Re: Big Bang as evidence of God

Glenn Morton (
Wed, 17 Sep 1997 19:50:43 -0500

Hi Don,

At 11:29 AM 9/17/97 -0600, Don N Page wrote:

>Since being a cosmologist and former postdoc of Stephen Hawking has led
>me to think about these questions. I should say that although I strongly agree
>that "A vacuum is not 'nothing', it is something," in my opinion (apparently
>not shared by certain others such as Hugh Ross and William Lane Craig), the
>Big Bang is not significantly more evidence for the existence of God than any
>other elegant cosmological models would be if they were instead supported by
>the evidence.

I am glad I got that right. :-)

> In other words, I reject the claim that a finite age of the
>universe helps the cosmological argument that there is a Creator. And I
>certainly do not accept the statement that "If the universe were eternally
>past, then God would be useless." By faith I would still accept the
>of the cosmological argument, that the existence of the universe depends
>upon a Creator. (However, I would not, and do not, accept the cosmological
>argument as a PROOF of the existence of God, since it seems logically
>possible, even if perhaps implausible, that this universe could exist even if
>God did not, whether or not this universe has a finite age.)

I am sorry that I am going to have to take a break from the board at the
outbreak of something that looks very interesting. But I will continue as
long as I can.

First I would like to correct something. Neither John nor I used the word
PROOF. That is your word. John asked:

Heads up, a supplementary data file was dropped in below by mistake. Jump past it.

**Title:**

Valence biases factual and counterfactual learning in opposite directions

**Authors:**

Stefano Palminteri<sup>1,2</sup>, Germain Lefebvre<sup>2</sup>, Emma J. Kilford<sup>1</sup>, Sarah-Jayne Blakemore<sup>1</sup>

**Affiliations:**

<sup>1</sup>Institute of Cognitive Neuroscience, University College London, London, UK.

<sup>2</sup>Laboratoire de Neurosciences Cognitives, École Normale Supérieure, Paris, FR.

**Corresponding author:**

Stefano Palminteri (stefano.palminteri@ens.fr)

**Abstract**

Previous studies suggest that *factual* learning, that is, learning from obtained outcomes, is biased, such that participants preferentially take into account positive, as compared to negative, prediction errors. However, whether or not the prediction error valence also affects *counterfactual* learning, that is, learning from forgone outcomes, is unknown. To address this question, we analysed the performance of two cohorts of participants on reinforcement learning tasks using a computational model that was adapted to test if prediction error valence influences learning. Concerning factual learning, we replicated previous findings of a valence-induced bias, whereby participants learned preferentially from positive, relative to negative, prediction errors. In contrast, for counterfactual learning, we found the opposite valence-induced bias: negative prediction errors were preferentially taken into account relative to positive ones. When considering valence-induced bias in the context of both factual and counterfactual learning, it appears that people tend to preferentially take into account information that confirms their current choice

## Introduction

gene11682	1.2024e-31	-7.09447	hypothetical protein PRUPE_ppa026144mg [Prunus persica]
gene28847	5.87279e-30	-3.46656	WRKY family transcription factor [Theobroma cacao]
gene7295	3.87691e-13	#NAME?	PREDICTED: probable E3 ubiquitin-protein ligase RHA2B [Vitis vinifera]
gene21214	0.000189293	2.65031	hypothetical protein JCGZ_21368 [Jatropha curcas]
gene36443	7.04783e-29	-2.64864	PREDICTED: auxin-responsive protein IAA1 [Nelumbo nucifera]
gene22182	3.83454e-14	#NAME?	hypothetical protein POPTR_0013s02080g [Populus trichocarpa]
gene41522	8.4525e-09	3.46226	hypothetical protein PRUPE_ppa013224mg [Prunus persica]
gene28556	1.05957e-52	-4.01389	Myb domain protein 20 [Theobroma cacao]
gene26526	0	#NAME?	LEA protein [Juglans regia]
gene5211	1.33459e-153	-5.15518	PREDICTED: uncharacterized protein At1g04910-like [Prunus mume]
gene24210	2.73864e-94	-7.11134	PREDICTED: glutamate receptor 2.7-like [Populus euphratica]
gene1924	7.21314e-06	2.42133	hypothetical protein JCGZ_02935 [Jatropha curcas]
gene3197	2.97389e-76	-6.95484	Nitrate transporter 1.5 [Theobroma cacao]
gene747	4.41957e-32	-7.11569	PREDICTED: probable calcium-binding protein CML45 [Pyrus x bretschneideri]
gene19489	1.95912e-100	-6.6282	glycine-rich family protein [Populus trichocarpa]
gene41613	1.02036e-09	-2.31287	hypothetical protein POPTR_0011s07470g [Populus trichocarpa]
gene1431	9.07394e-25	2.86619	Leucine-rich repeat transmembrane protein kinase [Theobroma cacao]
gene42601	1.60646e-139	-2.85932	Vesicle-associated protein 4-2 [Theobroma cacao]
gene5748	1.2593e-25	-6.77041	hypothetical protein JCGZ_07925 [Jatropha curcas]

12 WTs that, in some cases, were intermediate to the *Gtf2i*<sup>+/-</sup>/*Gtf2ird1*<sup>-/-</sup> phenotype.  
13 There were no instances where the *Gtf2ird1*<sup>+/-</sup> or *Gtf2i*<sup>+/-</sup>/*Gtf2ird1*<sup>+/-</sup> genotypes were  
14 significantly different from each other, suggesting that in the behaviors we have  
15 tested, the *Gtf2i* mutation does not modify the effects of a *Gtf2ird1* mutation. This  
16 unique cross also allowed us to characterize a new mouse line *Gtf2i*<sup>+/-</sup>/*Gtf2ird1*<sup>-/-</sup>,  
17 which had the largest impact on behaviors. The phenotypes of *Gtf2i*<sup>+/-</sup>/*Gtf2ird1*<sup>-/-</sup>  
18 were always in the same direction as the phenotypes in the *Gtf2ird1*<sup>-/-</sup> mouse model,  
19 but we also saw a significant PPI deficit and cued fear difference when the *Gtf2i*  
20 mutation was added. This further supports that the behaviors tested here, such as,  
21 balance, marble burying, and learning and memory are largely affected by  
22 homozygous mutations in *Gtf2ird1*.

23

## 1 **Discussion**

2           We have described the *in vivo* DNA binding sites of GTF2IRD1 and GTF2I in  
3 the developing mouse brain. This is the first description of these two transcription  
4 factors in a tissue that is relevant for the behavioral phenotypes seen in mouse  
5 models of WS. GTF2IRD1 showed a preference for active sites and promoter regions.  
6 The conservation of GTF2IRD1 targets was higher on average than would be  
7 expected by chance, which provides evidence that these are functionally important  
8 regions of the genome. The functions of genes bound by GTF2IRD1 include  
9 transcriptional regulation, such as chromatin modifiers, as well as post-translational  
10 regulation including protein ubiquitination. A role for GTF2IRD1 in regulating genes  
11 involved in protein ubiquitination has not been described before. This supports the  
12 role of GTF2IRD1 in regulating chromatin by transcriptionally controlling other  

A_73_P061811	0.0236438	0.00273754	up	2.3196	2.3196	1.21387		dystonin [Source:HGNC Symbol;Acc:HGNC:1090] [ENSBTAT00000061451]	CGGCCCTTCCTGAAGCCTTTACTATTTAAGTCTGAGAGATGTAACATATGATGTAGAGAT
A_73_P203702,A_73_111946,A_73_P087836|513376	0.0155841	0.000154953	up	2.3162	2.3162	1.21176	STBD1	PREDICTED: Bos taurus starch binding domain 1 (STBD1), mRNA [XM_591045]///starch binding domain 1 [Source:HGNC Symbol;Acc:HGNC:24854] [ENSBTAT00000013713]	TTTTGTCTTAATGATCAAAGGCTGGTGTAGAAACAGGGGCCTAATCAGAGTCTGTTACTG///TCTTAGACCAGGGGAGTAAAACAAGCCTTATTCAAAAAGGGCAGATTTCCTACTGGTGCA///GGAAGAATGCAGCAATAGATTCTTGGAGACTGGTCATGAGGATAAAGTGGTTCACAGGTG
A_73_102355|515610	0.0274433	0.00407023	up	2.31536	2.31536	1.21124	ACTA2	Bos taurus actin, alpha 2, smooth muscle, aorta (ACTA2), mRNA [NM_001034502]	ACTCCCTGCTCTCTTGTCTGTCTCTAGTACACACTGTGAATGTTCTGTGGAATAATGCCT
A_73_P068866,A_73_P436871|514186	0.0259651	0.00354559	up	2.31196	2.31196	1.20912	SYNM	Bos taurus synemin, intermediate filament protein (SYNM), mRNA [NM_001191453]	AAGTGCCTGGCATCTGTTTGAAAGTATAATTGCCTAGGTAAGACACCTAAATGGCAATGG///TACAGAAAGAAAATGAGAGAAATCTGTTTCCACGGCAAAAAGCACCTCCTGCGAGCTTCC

>>Think about it, is there any convincing, supporting
evidence for us in the late 20th century that God exists?" <<

Supporting evidence is not PROOF. So, I agree with you that the Big Bang (BB)
is not proof of God's existence.

However, the implications of an infinitely old universe have been known long
before the BB came into fashion. Many ancient cosmologies believed in the
Eternal Return--a universe which recycled itself every so often. Nietzsche
believed in the Eternal Return and attempted a scientific proof of it. I
quote the Mad Hatter, Frank Tipler. (for those who don't remember, I quoted
this fellow and was told by a gentleman on this list that he was off his
rocker, thus my moniker for Tipler). The Mad Hatter said:

"The attempt by the German philosopher Friedrich Nietzsche to prove
recurrence is interesting because it is *almost* a valid argument, given
certain (untrue) presuppositions about the nature of the physical universe.
That is,Nietzsche's proof contains all the essential ideas needed for a
rigourous proofof recurrence of a finite physical system evolving in a
particular chancelike way. Nietzsche began his 'proof' of recurrence as follows:
'...we insist upon the fact that the world as a sum of energy must not be
regarded as unlimited--we forbid ourselves the concept of infinite energy.'